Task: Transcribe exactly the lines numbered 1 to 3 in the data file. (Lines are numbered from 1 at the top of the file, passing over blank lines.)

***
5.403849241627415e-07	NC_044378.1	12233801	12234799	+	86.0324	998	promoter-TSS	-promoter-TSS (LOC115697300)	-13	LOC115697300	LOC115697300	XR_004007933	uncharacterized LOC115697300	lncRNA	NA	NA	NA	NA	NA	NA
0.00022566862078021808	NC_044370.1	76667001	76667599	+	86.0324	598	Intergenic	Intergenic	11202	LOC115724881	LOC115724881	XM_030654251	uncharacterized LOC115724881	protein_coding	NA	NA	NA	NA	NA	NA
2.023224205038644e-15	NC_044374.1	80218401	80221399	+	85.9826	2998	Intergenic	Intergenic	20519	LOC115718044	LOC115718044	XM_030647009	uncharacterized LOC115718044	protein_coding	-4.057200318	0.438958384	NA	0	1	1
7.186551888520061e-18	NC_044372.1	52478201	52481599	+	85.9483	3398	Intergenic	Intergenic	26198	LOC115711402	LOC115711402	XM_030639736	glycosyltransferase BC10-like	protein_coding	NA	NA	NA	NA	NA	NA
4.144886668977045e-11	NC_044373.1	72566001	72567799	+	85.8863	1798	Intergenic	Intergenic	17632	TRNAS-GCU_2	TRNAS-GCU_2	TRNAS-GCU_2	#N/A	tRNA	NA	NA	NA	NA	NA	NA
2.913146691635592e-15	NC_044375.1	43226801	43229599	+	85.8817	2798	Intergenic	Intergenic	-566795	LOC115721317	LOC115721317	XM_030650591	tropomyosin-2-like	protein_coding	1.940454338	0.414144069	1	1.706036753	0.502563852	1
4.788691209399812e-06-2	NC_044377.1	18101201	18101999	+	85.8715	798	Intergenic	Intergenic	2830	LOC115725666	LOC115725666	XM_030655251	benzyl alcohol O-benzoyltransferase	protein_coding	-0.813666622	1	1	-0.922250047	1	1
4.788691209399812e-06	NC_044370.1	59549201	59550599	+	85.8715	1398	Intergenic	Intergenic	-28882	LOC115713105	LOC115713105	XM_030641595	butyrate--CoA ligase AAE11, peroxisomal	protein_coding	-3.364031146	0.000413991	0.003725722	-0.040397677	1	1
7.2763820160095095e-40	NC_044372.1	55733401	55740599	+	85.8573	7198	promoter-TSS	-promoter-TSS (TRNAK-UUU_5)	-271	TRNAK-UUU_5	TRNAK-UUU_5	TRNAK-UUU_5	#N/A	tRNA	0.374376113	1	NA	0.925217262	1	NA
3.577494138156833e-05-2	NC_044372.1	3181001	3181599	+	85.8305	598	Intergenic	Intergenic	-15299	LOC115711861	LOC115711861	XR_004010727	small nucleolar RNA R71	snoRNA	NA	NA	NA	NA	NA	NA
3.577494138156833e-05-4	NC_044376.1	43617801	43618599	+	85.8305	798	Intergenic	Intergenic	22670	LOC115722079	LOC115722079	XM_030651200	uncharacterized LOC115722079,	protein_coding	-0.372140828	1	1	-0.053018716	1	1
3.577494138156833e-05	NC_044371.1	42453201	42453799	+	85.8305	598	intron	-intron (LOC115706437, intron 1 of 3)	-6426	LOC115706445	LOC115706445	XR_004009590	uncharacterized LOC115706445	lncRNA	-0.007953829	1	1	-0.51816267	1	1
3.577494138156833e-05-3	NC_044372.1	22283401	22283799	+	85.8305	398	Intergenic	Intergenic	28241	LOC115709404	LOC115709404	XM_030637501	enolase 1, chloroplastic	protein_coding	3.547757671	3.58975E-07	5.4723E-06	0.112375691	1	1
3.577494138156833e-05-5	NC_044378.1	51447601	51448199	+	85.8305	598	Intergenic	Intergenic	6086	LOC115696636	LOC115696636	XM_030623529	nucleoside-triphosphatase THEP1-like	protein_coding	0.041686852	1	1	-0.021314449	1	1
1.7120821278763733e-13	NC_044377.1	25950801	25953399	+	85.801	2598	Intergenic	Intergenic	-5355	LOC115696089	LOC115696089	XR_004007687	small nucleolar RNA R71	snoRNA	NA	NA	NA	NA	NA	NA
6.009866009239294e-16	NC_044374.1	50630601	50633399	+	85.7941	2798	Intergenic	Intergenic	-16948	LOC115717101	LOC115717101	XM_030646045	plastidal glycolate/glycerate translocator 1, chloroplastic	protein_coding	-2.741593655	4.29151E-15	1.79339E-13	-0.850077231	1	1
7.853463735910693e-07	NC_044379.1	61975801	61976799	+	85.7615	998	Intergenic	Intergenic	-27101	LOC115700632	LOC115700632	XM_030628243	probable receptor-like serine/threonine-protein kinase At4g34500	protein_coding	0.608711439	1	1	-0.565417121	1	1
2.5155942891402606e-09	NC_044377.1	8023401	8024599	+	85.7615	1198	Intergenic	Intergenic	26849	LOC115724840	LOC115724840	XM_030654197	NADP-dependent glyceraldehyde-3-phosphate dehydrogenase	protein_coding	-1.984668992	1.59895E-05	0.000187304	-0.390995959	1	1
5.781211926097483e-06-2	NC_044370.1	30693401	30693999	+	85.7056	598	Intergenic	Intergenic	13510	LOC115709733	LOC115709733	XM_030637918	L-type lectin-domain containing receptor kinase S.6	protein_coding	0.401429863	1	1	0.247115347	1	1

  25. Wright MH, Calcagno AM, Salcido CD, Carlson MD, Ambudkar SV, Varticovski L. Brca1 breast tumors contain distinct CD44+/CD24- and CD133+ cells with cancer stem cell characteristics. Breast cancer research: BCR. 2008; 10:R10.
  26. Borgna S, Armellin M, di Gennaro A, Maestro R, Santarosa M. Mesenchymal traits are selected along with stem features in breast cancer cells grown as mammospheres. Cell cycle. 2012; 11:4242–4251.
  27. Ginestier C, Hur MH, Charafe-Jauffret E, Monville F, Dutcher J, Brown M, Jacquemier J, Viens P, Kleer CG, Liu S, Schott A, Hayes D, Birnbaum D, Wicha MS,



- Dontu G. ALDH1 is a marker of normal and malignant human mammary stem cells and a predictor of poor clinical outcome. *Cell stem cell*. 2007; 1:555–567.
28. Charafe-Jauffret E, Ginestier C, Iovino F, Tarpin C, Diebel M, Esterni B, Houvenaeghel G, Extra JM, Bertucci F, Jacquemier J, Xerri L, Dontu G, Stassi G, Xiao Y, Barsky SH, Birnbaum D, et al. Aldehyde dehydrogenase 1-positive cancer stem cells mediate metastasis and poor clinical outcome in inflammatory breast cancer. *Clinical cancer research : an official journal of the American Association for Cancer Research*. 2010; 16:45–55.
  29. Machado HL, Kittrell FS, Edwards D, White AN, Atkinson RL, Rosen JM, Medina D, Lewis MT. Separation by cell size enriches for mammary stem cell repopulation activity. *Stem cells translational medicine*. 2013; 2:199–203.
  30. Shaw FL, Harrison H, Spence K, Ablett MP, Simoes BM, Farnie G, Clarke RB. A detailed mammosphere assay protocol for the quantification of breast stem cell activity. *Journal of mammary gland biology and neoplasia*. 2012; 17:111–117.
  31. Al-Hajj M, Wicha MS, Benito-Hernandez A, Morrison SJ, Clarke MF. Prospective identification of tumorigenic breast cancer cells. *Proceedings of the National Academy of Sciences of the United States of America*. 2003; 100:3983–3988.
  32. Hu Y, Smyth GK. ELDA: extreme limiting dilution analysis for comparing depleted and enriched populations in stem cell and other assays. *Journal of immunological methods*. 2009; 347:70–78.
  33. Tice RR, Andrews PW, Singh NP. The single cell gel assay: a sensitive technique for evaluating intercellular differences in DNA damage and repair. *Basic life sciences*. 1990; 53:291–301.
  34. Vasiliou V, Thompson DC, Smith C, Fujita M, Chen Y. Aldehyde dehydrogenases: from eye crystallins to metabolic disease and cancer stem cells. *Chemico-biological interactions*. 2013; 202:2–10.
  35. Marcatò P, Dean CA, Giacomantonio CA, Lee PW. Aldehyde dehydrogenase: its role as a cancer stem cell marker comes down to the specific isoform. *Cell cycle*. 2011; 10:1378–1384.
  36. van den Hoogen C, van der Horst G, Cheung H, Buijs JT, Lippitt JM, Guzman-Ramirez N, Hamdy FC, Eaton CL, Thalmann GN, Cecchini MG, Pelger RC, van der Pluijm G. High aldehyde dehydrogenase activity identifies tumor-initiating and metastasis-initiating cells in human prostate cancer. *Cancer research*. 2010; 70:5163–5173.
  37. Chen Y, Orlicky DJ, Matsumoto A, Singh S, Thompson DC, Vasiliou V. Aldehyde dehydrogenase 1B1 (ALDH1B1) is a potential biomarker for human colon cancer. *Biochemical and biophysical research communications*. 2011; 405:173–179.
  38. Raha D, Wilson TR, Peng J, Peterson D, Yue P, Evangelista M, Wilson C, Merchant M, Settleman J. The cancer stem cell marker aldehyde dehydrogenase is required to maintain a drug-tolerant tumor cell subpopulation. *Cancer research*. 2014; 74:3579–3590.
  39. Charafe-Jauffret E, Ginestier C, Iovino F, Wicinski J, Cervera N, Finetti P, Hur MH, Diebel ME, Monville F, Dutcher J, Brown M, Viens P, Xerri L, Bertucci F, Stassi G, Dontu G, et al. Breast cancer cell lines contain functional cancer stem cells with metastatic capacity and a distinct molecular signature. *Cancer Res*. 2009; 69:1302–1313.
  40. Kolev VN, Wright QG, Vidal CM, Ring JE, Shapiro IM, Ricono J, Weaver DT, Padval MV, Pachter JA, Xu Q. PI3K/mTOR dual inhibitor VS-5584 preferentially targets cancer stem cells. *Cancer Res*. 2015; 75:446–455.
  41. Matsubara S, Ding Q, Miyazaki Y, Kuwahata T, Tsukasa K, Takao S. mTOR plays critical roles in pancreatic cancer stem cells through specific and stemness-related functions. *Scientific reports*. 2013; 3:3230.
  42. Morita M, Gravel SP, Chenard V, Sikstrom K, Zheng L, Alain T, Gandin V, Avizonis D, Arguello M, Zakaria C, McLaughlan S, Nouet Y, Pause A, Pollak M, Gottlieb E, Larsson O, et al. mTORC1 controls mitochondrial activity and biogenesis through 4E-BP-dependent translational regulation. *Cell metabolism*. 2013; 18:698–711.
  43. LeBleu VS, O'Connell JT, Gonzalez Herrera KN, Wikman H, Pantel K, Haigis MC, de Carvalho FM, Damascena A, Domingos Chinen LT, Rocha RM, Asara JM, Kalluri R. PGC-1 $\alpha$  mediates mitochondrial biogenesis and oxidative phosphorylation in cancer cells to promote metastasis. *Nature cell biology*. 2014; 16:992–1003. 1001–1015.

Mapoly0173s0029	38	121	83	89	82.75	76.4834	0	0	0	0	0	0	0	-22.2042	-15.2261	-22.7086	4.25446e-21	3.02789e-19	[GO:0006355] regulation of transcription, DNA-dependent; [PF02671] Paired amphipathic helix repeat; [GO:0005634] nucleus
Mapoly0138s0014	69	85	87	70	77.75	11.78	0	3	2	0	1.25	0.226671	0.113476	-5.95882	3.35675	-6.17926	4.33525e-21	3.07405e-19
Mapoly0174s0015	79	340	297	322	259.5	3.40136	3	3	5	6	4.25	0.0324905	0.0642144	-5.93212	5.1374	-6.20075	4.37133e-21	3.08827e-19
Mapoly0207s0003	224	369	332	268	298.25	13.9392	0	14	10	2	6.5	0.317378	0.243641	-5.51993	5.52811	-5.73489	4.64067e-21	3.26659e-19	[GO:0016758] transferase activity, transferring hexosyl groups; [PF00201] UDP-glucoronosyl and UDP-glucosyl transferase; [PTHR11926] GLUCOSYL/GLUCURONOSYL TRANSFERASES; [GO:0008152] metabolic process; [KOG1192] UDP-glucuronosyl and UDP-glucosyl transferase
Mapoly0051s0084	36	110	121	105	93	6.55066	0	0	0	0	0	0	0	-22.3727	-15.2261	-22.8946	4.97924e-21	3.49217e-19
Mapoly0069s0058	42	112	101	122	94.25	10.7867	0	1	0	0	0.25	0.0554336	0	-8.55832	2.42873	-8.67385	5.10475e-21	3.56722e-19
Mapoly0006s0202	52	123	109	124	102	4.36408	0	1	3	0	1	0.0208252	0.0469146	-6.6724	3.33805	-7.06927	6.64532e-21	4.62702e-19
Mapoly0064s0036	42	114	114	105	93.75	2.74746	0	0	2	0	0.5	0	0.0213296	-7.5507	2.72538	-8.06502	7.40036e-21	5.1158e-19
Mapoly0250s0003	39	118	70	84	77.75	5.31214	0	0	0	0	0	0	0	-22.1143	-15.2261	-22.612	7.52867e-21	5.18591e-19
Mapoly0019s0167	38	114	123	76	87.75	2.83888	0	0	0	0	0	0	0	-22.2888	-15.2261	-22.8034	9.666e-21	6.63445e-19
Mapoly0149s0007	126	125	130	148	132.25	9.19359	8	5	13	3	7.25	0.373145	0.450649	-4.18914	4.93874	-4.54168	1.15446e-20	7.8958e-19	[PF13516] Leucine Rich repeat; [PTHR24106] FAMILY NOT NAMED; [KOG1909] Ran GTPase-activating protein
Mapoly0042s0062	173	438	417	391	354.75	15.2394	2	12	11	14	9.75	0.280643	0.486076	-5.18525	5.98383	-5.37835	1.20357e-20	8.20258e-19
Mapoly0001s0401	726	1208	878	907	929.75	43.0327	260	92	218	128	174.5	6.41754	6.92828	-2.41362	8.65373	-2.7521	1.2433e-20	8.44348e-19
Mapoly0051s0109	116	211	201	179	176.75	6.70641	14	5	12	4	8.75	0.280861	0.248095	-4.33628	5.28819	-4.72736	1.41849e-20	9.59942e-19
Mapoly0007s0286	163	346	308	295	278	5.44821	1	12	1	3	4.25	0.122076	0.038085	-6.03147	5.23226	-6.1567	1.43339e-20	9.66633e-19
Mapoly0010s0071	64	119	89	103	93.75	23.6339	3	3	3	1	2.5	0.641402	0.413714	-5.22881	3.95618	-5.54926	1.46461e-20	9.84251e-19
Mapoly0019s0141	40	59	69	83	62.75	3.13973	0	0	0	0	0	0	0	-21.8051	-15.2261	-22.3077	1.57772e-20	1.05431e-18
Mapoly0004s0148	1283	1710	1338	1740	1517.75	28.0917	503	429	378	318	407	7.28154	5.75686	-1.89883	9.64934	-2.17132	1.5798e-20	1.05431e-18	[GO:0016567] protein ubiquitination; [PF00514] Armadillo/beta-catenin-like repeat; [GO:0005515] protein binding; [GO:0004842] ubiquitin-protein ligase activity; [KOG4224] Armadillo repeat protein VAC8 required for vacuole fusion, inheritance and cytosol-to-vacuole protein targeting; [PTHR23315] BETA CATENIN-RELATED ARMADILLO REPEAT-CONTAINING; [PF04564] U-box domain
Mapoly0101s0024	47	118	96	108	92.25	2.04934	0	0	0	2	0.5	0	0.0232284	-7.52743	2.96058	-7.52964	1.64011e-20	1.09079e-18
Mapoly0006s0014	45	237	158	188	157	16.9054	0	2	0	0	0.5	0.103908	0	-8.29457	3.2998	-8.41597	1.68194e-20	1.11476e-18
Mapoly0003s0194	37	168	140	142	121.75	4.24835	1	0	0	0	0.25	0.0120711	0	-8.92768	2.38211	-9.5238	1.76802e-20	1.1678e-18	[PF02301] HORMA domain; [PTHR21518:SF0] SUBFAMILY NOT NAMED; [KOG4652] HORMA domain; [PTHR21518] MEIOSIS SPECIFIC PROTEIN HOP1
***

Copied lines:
5.403849241627415e-07	NC_044378.1	12233801	12234799	+	86.0324	998	promoter-TSS	-promoter-TSS (LOC115697300)	-13	LOC115697300	LOC115697300	XR_004007933	uncharacterized LOC115697300	lncRNA	NA	NA	NA	NA	NA	NA
0.00022566862078021808	NC_044370.1	76667001	76667599	+	86.0324	598	Intergenic	Intergenic	11202	LOC115724881	LOC115724881	XM_030654251	uncharacterized LOC115724881	protein_coding	NA	NA	NA	NA	NA	NA
2.023224205038644e-15	NC_044374.1	80218401	80221399	+	85.9826	2998	Intergenic	Intergenic	20519	LOC115718044	LOC115718044	XM_030647009	uncharacterized LOC115718044	protein_coding	-4.057200318	0.438958384	NA	0	1	1